Naked lizard proves hair, scales and feathers descend from single reptilian ancestor, study says

BY    | Updated: Jun 25, 2016 at 8:48 AM
A scaleless mutant bearded dragon. The animal lacks all scales. Photo by Michel C. Milinkovitch

A scaleless mutant bearded dragon. The animal lacks all scales. Photo by Michel C. Milinkovitch

A decades-long scientific debate is finally resolved, thanks to a naked lizard.

Scientists have uncovered the link between the hair of mammals, the feathers of birds and the scales of reptiles. And the discovery, published today in the journal Science Advances, suggests all of these animals, including humans, descended from a single reptilian ancestor approximately 320 million years ago.

“Our world is this engine that can produce beauty and diversity, and it is so powerful that it is sometimes hard to see how we got to where we are. It takes time to put the pieces together,” geneticist and project leader Michel Milinkovitch of the University of Geneva told the NewsHour.

Before this study, the scientific community was divided over how hair, feathers and scales evolved. Developmentally speaking, these different “skin appendages” start almost identically, but then appeared to hit a crossroad. While birds and mammals form placodes — thickened bits in the skin that blossom feathers or hairs — reptiles showed no signs of the feature.

We have this deep heritage between reptiles, birds and mammals—a 320 million year old heritage.
This baffled scientists, as research showed birds being closer relatives of crocodiles and other reptiles than mammals. By not having this placode, reptiles created a kink in the evolutionary (hair)line.

The contradiction split scientists into two camps. Some argued that skin appendages developed independently in all species, so birds and mammals just happened to form the same system. Others stated all species possess a molecular placode — a series of genes that spawn hair, feathers and scales — but reptile skin simply fails to sprout a physical structure.

Then Milinkovitch stumbled upon a naked lizard: a mutant form of the scaleless Australian bearded dragon (Pogona vitticeps). He and Nicolas Di-Poï, biologist of the Institute of Biotechnology at the University of Helsinki, found mutant bearded dragons did not express ectodysplasin-A (EDA)—a gene responsible for forming skin appendages, specifically placodes.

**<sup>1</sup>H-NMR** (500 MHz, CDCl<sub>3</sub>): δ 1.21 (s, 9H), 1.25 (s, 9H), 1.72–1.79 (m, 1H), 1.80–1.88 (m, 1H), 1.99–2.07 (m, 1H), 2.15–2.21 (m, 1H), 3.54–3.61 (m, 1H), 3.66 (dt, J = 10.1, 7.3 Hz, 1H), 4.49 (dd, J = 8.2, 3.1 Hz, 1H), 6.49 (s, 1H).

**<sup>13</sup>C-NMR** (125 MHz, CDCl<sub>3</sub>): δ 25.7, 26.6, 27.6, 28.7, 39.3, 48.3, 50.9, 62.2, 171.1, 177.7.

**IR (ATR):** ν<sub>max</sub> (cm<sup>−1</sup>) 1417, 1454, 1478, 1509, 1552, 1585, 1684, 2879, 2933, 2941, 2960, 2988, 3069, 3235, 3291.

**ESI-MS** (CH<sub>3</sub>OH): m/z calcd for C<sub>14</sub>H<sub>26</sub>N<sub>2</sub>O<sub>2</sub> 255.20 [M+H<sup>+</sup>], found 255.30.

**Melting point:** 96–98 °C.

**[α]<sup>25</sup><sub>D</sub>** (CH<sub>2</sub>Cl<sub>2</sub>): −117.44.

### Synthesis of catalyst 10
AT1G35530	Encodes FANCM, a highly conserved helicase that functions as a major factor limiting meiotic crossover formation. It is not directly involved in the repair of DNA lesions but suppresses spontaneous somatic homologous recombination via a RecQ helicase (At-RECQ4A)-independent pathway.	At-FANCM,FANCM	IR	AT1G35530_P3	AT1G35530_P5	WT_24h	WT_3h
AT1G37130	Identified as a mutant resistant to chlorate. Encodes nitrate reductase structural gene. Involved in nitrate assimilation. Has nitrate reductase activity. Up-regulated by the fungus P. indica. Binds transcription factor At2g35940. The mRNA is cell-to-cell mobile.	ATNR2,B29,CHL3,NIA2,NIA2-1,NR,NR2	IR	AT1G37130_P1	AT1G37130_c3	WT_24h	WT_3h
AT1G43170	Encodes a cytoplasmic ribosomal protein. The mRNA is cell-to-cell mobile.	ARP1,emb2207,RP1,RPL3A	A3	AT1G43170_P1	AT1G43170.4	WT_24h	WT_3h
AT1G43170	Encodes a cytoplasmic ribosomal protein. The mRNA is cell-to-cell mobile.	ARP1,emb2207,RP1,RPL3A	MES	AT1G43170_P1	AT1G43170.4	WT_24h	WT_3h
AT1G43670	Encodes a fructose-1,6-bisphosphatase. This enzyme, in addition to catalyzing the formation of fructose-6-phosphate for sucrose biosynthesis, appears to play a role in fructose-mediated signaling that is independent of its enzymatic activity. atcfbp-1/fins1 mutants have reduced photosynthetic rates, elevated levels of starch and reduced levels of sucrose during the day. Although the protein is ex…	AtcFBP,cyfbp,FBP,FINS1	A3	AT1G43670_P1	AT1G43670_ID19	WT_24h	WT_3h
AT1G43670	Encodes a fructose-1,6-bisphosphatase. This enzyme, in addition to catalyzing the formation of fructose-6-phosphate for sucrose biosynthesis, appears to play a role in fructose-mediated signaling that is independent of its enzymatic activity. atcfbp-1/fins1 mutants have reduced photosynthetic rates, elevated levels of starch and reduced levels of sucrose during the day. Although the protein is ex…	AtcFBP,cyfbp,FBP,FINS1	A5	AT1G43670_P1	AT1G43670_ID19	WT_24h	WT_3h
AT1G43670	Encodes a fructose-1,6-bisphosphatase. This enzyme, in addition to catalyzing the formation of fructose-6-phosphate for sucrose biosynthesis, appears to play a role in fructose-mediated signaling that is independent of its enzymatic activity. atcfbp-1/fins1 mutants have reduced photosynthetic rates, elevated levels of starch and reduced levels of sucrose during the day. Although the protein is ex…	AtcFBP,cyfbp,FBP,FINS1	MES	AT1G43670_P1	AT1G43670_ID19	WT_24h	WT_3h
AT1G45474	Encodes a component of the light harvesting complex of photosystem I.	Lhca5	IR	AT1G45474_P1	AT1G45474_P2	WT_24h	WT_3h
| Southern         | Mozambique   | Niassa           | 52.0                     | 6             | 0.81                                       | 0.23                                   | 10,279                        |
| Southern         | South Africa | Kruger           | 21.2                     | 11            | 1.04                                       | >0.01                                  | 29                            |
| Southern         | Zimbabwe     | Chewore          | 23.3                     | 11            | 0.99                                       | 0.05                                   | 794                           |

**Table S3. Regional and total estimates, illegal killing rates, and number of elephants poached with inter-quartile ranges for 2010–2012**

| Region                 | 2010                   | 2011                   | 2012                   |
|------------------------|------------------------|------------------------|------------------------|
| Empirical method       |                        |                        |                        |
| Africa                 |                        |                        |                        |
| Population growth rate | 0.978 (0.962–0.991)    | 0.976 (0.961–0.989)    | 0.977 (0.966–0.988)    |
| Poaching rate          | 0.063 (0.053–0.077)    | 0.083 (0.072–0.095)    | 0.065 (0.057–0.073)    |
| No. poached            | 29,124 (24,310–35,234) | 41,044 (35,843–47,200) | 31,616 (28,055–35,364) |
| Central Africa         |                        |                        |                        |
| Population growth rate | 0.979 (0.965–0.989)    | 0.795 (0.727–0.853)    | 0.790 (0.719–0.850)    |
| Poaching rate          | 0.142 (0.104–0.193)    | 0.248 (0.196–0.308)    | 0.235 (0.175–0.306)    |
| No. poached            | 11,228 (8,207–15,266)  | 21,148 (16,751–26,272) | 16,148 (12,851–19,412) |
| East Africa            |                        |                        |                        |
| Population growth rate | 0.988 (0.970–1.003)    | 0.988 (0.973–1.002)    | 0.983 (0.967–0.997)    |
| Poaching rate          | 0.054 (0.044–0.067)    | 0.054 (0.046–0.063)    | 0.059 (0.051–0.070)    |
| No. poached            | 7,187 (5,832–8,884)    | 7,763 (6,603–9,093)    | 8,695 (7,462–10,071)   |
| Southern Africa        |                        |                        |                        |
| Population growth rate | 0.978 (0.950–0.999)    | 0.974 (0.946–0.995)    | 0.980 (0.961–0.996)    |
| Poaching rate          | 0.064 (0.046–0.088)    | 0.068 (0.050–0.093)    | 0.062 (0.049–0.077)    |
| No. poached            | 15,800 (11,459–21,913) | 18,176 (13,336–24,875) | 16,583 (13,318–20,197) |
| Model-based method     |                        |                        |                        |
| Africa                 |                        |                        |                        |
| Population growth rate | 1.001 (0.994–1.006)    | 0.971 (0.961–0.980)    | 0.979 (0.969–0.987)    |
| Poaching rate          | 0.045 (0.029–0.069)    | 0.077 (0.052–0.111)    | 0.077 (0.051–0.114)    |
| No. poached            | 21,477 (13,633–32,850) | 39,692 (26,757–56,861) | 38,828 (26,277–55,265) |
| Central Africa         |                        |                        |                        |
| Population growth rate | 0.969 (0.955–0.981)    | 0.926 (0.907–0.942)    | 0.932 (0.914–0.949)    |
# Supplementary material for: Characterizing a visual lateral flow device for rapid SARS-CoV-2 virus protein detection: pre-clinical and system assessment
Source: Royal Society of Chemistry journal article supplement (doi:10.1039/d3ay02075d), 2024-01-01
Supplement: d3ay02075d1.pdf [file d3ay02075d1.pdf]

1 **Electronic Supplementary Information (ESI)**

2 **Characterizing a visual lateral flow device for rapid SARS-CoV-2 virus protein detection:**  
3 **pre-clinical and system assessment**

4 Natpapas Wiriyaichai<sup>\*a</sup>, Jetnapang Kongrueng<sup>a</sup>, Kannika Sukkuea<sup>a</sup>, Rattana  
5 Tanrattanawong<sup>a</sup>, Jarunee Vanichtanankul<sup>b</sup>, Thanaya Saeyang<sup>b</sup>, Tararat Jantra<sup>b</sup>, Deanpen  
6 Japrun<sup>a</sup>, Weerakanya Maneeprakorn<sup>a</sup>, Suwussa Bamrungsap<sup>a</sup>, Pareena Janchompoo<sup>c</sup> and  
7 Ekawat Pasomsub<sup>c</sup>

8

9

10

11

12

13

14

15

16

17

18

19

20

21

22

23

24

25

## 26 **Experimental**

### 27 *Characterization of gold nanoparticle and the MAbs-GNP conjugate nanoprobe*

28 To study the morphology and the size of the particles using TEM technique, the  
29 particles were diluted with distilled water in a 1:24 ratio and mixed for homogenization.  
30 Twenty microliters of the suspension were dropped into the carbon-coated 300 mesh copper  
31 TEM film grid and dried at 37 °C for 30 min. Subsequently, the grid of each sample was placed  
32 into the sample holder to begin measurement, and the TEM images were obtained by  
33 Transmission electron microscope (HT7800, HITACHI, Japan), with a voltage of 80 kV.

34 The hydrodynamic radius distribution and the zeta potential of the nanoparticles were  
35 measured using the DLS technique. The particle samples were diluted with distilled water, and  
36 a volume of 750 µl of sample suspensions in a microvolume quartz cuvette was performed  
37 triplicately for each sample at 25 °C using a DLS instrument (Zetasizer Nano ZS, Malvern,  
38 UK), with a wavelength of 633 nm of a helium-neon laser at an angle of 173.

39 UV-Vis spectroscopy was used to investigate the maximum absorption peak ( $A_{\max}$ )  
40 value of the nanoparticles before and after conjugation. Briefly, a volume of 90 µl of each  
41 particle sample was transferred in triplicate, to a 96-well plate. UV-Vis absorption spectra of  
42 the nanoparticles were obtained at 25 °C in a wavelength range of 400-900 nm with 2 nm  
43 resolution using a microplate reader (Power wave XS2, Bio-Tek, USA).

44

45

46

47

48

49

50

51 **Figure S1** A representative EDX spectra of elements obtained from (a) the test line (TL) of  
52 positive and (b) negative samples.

This picture shows (from bottom to top) bearded dragons that are: normal, heterozygous mutant (it received only one copy, either from its mother or from its father, of the mutated EDA gene) and homozygous mutant (it received two copies of the EDA mutation: one from its father and one from its mother). The homozygous mutant lacks all scales, while the heterozygous mutant has scales that are reduced in size. Photo by Michel C. Milinkovitch

This picture shows (from bottom to top) bearded dragons that are: normal, heterozygous mutant (it received only one copy, either from its mother or from its father, of the mutated EDA gene) and homozygous mutant (it received two copies of the EDA mutation: one from its father and one from its mother). The homozygous mutant lacks all scales, while the heterozygous mutant has scales that are reduced in size. Photo by Michel C. Milinkovitch

Milinkovitch and Di-Poï compared these naked dragons with their scale-covered counterparts (plus, one lizard species that crosses between the two). They found that the amount of EDA present in cells correlated with size of scales. More EDA meant longer scales; no EDA, no scales.

As the team studied the EDA gene, they discovered the solution to the evolutionary debate: Contrary to previous findings, reptiles do have physical placodes.

“They were always there,” Milinkovitch said. “We were just looking in the right place at the right time.”

With this discovery, the evolutionary kink disappears. All amniotes — creatures that have an extra membrane or barrier around their eggs, including most mammals, birds and reptiles — can trace their lineage back to a common reptilian ancestor. This includes bearded dragons, chickens, mice, and humans, just to name a few.

“We have this deep heritage between reptiles, birds and mammals — a 320 million year old heritage,” Milinkovitch said.

Marcelo Sánchez-Villagra, a paleontologist at the University of Zurich, told Discovery News this common ancestor wouldn’t fit the modern definition of reptiles. He and his colleagues described an intermediary group of animals known as “reptiliomorphs” — which likely carried features of reptiles and amphibians.

“There is much we still do not know about vertebrate animals,” Sánchez-Villagra told Discovery News. “Comparative approaches to understanding evolution, which combine classical anatomical studies with developmental genetic techniques, can provide a better understanding of the evolutionary origins of fundamental structures.”

Jacob Musser, an evolutionary biologist at the European Molecular Biology Laboratory in Germany, was one of the researchers behind the molecular placode camp. He says these findings provide important information about the evolutionary development of placodes. But he aligns with Sánchez-Villagra, saying the conclusion that all scales, feathers and hairs come from “the scales of their reptilian common ancestor” is not necessarily accurate.

“Their findings suggest that even though these structures look very different, they may have evolved from a common structure in the ancestor of reptiles and mammals,” Musser told NewsHour. “But what this structure actually looked like is unclear. It may not have been a scale.”​​

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